I’m posting links to a few animated maps and timelines, and mapping sites with a twist, like the U.S. History Primary Source Timeline, America’s Best History Timeline, World History Timeline, New York Times Immigration Explorer, History Pin, and Timeline of Events in the West, There are lots of these kinds of timelines out there (just do a search in any browser), so find one you like and put it in your genealogy toolkit–handy sites that help you organize and interpret your research.
Having a historical timeline in your toolkit will help you understand the events that affected your ancestors’ lives, and can give you clues about what kinds of records to search. Was there a war going on? Did the creation of a territory provide opportunity for free land? Did world events stimulate immigration from certain countries?
Along with historical timelines for the nation, consider finding or creating state and county timelines, and always create a timeline for a family. That should be one of the first things you do as you begin your research, but it can also be something that will help you when you are well down the road in your research and may have come to a dead end.
Integrate your family timeline with county, state, and national timelines and you may be surprised at the new ideas that emerge for your research.
TIP: Keep your genealogy toolkit handy by creating a “Toolkit” folder on the “favorites” or “bookmark bar” in your internet browser, or create a “Toolkit” folder in the Evernote program.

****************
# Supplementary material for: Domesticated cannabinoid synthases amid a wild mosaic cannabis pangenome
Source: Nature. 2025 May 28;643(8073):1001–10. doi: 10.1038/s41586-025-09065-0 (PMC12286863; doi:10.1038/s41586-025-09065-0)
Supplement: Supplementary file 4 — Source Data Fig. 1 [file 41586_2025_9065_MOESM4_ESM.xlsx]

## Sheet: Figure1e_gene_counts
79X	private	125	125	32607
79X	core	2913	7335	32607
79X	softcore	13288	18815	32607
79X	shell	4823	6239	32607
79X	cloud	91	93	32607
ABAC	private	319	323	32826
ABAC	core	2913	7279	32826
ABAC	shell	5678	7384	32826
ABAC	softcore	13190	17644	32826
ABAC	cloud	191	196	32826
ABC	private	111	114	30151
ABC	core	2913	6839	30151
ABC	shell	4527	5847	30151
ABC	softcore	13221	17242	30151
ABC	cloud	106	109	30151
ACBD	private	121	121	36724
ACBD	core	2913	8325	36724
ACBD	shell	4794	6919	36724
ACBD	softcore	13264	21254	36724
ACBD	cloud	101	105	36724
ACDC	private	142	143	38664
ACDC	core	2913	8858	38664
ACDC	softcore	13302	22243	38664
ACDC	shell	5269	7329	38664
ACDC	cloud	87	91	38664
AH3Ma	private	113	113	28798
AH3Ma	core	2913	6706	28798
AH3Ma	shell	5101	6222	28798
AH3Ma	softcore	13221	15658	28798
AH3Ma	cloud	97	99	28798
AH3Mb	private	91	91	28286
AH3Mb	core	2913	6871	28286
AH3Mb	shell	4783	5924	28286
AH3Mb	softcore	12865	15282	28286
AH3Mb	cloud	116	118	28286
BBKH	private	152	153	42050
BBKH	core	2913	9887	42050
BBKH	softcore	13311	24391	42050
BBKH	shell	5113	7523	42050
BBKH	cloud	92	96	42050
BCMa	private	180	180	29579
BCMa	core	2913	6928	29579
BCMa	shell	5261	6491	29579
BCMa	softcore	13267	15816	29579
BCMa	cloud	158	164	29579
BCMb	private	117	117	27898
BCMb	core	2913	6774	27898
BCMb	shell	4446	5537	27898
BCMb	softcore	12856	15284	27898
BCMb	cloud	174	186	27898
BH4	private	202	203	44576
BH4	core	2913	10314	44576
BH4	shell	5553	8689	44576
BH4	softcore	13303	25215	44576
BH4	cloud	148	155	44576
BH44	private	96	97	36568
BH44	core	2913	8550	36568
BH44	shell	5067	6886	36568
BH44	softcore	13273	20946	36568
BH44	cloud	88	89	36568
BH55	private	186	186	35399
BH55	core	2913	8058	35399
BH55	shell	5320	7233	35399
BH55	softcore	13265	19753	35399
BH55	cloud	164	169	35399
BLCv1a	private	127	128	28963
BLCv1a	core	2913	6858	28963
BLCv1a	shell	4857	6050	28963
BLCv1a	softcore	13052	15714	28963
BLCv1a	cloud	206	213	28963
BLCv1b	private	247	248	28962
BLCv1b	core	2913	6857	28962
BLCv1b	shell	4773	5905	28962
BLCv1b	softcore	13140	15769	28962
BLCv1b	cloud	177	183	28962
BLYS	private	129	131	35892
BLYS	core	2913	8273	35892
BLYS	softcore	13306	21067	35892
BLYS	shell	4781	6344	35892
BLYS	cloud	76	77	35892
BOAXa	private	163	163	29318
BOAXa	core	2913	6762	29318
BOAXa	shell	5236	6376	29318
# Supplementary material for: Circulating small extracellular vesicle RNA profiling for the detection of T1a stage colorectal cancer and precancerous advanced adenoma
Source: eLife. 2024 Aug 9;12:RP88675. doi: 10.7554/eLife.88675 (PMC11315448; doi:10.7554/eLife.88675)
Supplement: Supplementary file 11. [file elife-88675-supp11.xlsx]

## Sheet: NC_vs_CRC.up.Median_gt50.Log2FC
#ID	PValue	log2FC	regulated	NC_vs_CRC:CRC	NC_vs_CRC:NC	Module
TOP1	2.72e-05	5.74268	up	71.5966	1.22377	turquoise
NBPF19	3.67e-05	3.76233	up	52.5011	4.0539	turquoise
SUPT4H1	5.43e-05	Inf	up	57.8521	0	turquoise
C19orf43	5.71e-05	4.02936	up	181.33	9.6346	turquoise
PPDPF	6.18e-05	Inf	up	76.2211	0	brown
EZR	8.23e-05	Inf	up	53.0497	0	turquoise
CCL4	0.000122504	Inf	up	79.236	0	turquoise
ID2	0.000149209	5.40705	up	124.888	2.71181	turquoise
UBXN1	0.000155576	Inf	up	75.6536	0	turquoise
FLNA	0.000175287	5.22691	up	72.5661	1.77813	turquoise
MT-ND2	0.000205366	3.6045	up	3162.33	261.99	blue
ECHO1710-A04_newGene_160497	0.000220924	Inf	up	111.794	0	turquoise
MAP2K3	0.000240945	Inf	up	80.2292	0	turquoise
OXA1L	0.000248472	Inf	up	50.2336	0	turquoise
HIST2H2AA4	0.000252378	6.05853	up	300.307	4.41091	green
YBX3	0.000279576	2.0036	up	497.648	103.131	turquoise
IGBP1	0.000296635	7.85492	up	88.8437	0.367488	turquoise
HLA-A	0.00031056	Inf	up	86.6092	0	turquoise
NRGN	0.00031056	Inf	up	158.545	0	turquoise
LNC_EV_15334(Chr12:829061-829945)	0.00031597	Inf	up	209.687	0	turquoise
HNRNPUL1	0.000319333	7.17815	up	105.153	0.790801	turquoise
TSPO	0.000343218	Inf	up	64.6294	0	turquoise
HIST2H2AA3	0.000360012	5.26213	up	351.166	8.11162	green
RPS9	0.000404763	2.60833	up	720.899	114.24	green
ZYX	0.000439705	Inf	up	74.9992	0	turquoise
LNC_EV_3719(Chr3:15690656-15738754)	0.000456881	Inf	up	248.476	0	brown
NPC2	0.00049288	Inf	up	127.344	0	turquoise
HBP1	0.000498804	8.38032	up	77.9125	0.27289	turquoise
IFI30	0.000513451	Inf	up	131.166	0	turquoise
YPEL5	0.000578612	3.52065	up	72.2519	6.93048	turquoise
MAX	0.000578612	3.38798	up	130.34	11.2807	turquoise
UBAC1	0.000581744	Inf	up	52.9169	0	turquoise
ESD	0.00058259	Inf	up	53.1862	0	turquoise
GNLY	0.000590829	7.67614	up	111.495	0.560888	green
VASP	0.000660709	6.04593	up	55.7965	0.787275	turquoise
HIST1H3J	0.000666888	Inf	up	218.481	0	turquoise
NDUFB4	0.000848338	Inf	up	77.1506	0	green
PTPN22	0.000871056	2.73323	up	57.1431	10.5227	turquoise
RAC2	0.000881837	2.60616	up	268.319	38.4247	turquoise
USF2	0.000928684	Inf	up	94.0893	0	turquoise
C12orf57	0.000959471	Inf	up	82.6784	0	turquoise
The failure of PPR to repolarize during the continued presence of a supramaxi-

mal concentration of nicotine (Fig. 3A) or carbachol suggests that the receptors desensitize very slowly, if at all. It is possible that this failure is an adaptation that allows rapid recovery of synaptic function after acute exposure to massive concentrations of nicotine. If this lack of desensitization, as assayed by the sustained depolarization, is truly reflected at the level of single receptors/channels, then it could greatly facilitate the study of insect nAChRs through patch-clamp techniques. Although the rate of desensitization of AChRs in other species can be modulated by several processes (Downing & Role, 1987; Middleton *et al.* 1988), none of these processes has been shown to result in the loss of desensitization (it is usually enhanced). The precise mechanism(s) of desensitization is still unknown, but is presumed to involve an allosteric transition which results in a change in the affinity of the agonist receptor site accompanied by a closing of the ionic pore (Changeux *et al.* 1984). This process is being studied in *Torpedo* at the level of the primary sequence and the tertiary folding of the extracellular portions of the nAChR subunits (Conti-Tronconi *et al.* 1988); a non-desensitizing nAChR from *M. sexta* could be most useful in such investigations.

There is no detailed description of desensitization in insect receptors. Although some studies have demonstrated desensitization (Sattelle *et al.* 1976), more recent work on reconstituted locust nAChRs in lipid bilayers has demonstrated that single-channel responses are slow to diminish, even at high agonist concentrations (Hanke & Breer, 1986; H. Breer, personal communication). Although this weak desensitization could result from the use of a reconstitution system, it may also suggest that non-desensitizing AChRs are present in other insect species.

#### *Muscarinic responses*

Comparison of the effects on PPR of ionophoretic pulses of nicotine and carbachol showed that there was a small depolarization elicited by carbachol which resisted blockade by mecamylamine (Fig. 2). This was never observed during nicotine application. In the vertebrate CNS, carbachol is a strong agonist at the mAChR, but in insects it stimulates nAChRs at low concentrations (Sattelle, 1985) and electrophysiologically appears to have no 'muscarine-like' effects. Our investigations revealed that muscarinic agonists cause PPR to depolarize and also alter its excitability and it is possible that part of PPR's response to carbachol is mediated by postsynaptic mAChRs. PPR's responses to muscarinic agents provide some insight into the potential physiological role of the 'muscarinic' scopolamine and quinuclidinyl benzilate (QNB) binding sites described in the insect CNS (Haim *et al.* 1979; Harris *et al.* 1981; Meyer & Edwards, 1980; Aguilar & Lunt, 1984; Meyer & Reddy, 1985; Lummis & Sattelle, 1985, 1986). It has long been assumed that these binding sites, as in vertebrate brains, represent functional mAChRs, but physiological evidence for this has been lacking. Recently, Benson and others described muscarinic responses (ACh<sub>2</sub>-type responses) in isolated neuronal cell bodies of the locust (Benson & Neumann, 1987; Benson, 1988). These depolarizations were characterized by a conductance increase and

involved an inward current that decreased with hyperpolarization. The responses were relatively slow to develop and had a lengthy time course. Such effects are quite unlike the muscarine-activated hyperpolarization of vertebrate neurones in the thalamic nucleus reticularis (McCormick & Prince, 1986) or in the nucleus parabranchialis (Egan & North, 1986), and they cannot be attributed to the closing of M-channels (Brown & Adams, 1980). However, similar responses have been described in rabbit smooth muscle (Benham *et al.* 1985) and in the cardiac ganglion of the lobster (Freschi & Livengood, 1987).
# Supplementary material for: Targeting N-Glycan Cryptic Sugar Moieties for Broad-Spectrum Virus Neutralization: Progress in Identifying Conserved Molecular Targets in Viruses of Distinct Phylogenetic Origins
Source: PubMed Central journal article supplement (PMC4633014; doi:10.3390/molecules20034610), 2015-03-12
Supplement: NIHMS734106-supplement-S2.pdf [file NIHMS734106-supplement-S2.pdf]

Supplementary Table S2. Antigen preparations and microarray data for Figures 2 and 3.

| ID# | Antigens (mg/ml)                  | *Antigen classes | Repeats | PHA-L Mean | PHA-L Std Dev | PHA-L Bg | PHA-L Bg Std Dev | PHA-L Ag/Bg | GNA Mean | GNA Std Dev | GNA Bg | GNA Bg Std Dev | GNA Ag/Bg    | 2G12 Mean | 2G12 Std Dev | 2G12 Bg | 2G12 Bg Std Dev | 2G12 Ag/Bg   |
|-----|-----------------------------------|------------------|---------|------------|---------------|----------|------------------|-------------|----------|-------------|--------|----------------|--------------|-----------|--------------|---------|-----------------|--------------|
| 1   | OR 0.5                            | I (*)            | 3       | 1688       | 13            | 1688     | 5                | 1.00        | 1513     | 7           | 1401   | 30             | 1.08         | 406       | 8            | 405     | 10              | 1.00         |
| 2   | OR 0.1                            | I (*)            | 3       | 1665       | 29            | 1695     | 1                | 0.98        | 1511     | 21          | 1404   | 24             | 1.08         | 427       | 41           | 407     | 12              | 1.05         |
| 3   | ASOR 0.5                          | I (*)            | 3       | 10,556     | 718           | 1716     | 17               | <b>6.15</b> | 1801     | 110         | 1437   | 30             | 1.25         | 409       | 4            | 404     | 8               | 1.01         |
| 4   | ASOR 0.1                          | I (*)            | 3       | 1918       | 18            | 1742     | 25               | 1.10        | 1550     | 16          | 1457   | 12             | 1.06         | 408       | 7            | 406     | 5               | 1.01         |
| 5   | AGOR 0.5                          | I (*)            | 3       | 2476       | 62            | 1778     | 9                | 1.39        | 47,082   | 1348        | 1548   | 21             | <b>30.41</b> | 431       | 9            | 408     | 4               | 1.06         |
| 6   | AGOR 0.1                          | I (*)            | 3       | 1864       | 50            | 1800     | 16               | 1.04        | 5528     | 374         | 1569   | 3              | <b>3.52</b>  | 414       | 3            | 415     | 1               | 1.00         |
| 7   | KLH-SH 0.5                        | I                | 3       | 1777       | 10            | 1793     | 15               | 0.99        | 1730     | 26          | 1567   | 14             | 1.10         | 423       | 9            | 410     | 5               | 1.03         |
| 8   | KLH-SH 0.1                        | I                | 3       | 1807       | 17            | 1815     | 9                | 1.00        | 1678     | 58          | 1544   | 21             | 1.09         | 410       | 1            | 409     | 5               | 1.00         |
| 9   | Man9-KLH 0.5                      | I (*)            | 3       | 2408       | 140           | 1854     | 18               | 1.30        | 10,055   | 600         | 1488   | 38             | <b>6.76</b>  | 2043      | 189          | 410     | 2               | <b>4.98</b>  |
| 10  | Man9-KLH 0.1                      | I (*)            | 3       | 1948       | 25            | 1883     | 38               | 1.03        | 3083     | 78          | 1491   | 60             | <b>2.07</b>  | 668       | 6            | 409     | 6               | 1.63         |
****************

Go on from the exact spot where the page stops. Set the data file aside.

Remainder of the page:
The Montana Historical Society Research Center in Helena, Montana, can be found online at:
They have what is called the Montana Memory Project. These memory projects are beginning to crop up for other states, too. Just “Google” [state] Memory Project and see what you find for the state where you are researching.
Significant digital collections (Montana Memory Project):
- Central Montana Historical Documents
- County Histories of Montana
- Early Montana Histories
- Mapping Montana and the West
- Early newspapers
- MHS manuscript collections
- Photograph archives
- Montana State Prison Records 1869-1974
- Montana Indian Law
Here are three books I have found helpful and interesting in researching the Western States:
1. Ray Allen Billington, The Far Western Frontier, 1830-1860, (Harper and Row, 1956)
I like the illustrations and maps in this book. There are some really good migration maps, such as “Routes to the Gold Fields, 1849,” and “The Overland Trails.” It includes a valuable bibliography at the end of the book with many entries for each chapter. There are 12 chapters that discuss various aspects of western U.S. expansion in a scholarly but understandable way, and I was impressed by the extensive footnotes. I often use footnotes to lead me to other sources.
2. Alan Wexler, Atlas of Westward Expansion, (Facts On File, Inc., 1995)
As an atlas, this book obviously is loaded with maps, and there is also good narrative for each one. The maps are pen and ink drawings which are easy to understand, yet detailed enough to be useful. It also has a good chronology of U.S. Territorial expansion (1750-1917) and a good bibliography.
3. Derek Hayes, Historical Atlas of the American West, with Original Maps, (University of California, 2009).
I think the description on Amazon.com says it best: “Spectacular in scope and visually brilliant, this atlas presents a sweeping history of the American West through more than 600 original, full-color maps and extended captions.” It is a beautiful book and very interesting, too. The maps are thoroughly source-cited, and there is also a valuable bibliography. I highly recommend it.
These three books complement each other and combine to provide a good foundation for Western States research.